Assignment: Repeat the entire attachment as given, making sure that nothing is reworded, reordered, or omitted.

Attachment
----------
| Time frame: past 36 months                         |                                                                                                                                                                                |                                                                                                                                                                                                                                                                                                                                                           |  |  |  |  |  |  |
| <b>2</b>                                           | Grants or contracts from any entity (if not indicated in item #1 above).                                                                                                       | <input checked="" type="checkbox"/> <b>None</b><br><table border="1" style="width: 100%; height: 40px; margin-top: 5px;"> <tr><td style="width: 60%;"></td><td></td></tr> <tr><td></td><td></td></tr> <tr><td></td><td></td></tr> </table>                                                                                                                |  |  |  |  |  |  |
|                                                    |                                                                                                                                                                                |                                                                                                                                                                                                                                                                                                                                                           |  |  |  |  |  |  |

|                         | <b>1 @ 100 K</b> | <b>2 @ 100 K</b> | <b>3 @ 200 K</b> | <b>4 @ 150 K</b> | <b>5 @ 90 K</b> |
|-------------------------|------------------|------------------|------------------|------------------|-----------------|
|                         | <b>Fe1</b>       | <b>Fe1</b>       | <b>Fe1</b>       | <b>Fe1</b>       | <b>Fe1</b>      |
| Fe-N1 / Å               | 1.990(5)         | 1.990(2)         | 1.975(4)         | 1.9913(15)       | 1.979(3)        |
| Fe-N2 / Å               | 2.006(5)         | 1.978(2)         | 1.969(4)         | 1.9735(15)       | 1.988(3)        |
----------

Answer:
| Time frame: past 36 months                         |                                                                                                                                                                                |                                                                                                                                                                                                                                                                                                                                                           |  |  |  |  |  |  |
| <b>2</b>                                           | Grants or contracts from any entity (if not indicated in item #1 above).                                                                                                       | <input checked="" type="checkbox"/> <b>None</b><br><table border="1" style="width: 100%; height: 40px; margin-top: 5px;"> <tr><td style="width: 60%;"></td><td></td></tr> <tr><td></td><td></td></tr> <tr><td></td><td></td></tr> </table>                                                                                                                |  |  |  |  |  |  |
|                                                    |                                                                                                                                                                                |                                                                                                                                                                                                                                                                                                                                                           |  |  |  |  |  |  |

|                         | <b>1 @ 100 K</b> | <b>2 @ 100 K</b> | <b>3 @ 200 K</b> | <b>4 @ 150 K</b> | <b>5 @ 90 K</b> |
|-------------------------|------------------|------------------|------------------|------------------|-----------------|
|                         | <b>Fe1</b>       | <b>Fe1</b>       | <b>Fe1</b>       | <b>Fe1</b>       | <b>Fe1</b>      |
| Fe-N1 / Å               | 1.990(5)         | 1.990(2)         | 1.975(4)         | 1.9913(15)       | 1.979(3)        |
| Fe-N2 / Å               | 2.006(5)         | 1.978(2)         | 1.969(4)         | 1.9735(15)       | 1.988(3)        |